Apple Turnovers with Coconut Oil

Posted by on Jan 26, 2017 in after school, cooking classes, cooking with kids, families, healthy food, nutrition | 0 comments

5513640649_6d4c56b309_bThis week in our fun-filled cooking classes we created apple turnovers with coconut oil, served alongside an aromatic spiced apple pear butter!

Our chefs in training practiced their slicing and dicing skills, while learning about the health benefits of coconut oil which helps boost our immune system, enhances our memory, and provides us with healthy fats that help improve our cholesterol levels.

We hope that you will make memories in your family kitchen with our apple turnover recipe!

Serves 8



  • 1 C whole wheat + 1 C AP flour
  • ½ t salt
  • ½ cup coconut oil, solid
  • 1/3-1/2 cup ice water


  • 4 apples
  • 1/4 cup maple syrup
  • ½ lemon
  • ½ t cinnamon
  • ¼ t nutmeg
  • 1 T flour
  • pinch of salt
  • dried cherries, raisins (optional)


1) Preheat oven to 375˚

2) Rinse all fruit 

3) Make the dough: Mix dry ingredients. Cut solid coconut oil in small increments using pastry blender or fork. Add water by the tablespoon until dough just comes together. Set aside. Place the dough in fridge to chill.

4) Make the filling: Slice and dice apples, and combine with lemon juice, spices, flour and salt. If the filling is too juicy from the apple juice, add a pinch more flour to absorb or drain using a colander.

5) Assemble the turnovers:

    • Cut dough into smaller pieces. Roll out into 1/8-inch thick rounds on a lightly floured surface.
    • Place ~2 T of filling on one half and sprinkle with dried cherries or raisins if desired.
    • Fold over and seal, using fork or fingers to crimp the edges.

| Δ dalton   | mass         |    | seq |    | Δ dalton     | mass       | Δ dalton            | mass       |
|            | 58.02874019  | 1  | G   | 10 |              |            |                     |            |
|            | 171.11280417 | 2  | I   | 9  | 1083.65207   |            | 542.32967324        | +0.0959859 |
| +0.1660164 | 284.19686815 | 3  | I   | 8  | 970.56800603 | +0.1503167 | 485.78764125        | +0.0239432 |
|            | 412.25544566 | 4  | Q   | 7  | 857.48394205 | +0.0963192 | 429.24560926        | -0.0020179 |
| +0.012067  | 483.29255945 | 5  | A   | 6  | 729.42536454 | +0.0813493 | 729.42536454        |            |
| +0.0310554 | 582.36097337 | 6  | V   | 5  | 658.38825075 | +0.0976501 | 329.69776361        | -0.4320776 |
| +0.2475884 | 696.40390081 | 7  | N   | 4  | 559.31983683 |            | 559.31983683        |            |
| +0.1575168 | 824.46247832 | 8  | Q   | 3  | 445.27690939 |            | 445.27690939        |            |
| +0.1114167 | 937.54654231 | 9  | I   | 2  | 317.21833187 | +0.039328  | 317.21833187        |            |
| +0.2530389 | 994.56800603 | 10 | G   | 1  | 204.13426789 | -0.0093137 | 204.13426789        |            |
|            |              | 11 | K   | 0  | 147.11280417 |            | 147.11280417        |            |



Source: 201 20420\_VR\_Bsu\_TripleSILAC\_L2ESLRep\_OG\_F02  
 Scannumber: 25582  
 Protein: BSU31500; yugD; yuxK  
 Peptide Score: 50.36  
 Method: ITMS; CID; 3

• Bake at 375˚ degrees for 25 minutes, or until golden brown.
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summer camp reflections

Posted by on Sep 14, 2016 in cooking classes, cooking with kids, families, healthy food, summer camp | 0 comments

13882634_1141748522550748_7682930224653544935_nOne of my favorite recipes I’ve made with the young chefs during summer camp was Chipotle stuffed sweet potato skins.

They loved to scoop out the baked sweet potato from its skin. They jumped at the opportunity to squeeze lemon, shred kale and cilantro and cut the Chipotle pepper and radish. When it was time to add the cumin, salt and pepper, they all would jump at the opportunity to pinch the spices and sprinkle it over the dish. They added the corn and took turns mixing the sweet potato mixture, putting it back into the skin, sprinkling cheese and putting it on the sheet pan.

While it was in the oven they would quickly clean up their station to prepare for lunch. The counselors would put the sweet potato on the campers’ plate and we served ourselves.

From my first spoonful, I loved the dish.

The balance of the saltiness of the cheese with the sweetness of the sweet potato mixture, the corn that added a crispy texture to the creamy sweet potato and the freshness that the cilantro added was nirvana.